Although Patrick had won an IndyCar race, led the Indianapolis 500 and appeared in multiple Super Bowl commercials, her move to stock car racing helped attract more attention.
“The way I liken Danica in NASCAR at the time is if we had a female quarterback playing for one of the major NFL teams,” said Norma Jones, who wrote a dissertation in 2016 on Patrick in NASCAR for her doctorate in philosophy at Kent State University.
Jones said among Patrick’s biggest impacts was showing that a woman could reach the heights of auto racing.
“If you can’t imagine something to happen or if you can’t place that there,” Jones said, “then it’s an impossibility for you.”
Kenzie Hemric, whose last name was Ruston before she married NASCAR driver Daniel Hemric, also was a pioneer. She was the first female driver selected to the NASCAR Next program, which highlighted rising young talent. Kenzie Hemric was selected in 2013 and ’14. Among the drivers also chosen then were Chase Elliott, Erik Jones, Daniel Suarez, Ryan Preece and Cole Custer.
Hemric competed in K&N Pro Series East from 2013-15. Her first series race came a few weeks after Patrick won the 2013 Daytona 500 pole. That would be among the highlights for Patrick, who never finished better than 24th in the points before completing her NASCAR career with the 2018 Daytona 500.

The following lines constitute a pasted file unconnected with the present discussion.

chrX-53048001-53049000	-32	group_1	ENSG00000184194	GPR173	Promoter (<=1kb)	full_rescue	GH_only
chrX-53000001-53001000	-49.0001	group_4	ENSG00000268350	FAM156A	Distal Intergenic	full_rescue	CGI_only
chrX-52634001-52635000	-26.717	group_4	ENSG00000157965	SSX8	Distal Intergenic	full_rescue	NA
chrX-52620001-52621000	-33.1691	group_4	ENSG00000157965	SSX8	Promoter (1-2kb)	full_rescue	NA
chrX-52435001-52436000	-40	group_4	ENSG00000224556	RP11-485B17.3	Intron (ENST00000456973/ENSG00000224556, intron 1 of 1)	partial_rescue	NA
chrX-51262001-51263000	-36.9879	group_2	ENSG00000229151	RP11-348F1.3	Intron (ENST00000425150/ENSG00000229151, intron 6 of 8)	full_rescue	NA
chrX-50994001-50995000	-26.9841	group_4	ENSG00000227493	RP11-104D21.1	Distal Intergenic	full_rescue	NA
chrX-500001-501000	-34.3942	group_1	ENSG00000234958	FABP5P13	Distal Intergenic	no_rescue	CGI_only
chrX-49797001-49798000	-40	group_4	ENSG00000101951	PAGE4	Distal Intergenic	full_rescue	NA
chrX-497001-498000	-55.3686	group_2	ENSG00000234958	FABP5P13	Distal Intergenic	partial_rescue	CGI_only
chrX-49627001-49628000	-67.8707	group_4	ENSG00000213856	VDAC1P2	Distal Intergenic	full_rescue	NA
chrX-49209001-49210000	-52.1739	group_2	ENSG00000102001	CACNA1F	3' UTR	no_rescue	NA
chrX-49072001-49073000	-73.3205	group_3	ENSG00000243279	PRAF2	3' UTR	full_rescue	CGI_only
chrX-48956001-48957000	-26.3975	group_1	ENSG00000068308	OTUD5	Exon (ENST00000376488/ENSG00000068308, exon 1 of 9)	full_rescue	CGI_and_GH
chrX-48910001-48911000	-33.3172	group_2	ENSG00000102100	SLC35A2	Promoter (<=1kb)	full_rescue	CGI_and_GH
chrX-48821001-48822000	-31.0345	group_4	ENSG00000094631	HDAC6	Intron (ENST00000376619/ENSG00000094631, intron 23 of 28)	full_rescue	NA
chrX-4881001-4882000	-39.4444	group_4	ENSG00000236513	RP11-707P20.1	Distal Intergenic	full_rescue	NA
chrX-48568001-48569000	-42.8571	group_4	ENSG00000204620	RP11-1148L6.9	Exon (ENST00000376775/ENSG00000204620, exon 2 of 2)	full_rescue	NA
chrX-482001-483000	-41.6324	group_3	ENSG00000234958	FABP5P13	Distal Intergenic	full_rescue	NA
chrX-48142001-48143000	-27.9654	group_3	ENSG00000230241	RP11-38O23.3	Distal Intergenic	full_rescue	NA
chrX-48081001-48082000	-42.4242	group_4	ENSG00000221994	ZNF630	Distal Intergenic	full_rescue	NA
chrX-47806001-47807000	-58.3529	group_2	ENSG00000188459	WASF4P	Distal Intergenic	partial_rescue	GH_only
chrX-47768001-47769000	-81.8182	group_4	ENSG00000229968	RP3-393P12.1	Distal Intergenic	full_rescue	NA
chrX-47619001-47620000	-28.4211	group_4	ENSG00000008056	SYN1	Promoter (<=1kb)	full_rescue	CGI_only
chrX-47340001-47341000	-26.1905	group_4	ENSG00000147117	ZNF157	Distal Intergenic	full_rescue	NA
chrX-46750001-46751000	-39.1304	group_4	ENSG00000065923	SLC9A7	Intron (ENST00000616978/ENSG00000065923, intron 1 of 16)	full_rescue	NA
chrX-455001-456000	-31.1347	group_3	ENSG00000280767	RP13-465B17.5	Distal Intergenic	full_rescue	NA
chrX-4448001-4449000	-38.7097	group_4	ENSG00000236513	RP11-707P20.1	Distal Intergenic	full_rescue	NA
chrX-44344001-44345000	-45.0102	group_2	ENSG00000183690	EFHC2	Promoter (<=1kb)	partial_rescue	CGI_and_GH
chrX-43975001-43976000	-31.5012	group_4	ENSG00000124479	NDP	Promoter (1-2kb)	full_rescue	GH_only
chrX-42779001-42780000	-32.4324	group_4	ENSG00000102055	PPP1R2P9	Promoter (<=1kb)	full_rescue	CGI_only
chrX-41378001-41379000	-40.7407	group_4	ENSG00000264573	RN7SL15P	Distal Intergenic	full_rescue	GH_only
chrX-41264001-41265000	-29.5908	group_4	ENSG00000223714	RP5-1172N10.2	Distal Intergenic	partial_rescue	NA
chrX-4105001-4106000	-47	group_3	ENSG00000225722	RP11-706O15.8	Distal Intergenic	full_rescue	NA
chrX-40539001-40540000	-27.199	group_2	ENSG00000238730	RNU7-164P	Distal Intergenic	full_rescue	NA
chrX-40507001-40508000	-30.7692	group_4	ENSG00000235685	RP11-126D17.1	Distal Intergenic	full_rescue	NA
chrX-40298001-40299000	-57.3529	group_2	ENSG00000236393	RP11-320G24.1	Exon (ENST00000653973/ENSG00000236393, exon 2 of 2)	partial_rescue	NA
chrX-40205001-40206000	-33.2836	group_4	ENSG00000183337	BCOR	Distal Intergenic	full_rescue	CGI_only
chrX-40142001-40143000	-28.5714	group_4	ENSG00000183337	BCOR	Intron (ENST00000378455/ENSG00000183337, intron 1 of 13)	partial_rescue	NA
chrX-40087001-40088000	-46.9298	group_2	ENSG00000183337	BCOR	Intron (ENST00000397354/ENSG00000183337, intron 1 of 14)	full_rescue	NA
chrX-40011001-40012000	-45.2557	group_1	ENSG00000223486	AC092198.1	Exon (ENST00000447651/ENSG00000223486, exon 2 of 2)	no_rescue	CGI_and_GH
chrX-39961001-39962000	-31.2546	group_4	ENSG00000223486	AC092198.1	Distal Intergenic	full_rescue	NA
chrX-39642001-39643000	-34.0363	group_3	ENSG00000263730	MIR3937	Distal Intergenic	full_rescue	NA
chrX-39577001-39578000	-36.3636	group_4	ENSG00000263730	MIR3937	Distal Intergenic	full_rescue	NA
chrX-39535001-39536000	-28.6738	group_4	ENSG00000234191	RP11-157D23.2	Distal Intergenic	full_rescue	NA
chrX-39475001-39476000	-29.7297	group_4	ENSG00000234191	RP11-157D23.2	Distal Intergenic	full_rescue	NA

Patrick, who did not have any stock-car experience before 2010, was a victim of unrealistic expectations that had a far-reaching effect, Hemric said.
“I think fans, sponsors and everybody expected more results out of her that weren’t necessarily achievable,” she said, “and I think just falling short on those unrealistic expectations made it really hard for other women and sponsors to help other women at that time.”
Lack of sponsorship left Hemric without a ride in the ARCA East Series after 2015. She ran Super Late Model races in 2016 but never made it back to NASCAR as a driver.
LOOKING TO THE FUTURE
McKenna Haase scans the living room in the Indianapolis home she rents and sees a sprint car seat, midget car seat, asphalt car seat, her racing helmet and seat belts.
Haase, who turns 23 Thursday and again will race sprint cars this season, became a race fan after a chance meeting with Kasey Kahne at a Nashville, Tennessee mall when she was in the third grade. Her passion for racing grew and she later convinced her parents to let her compete.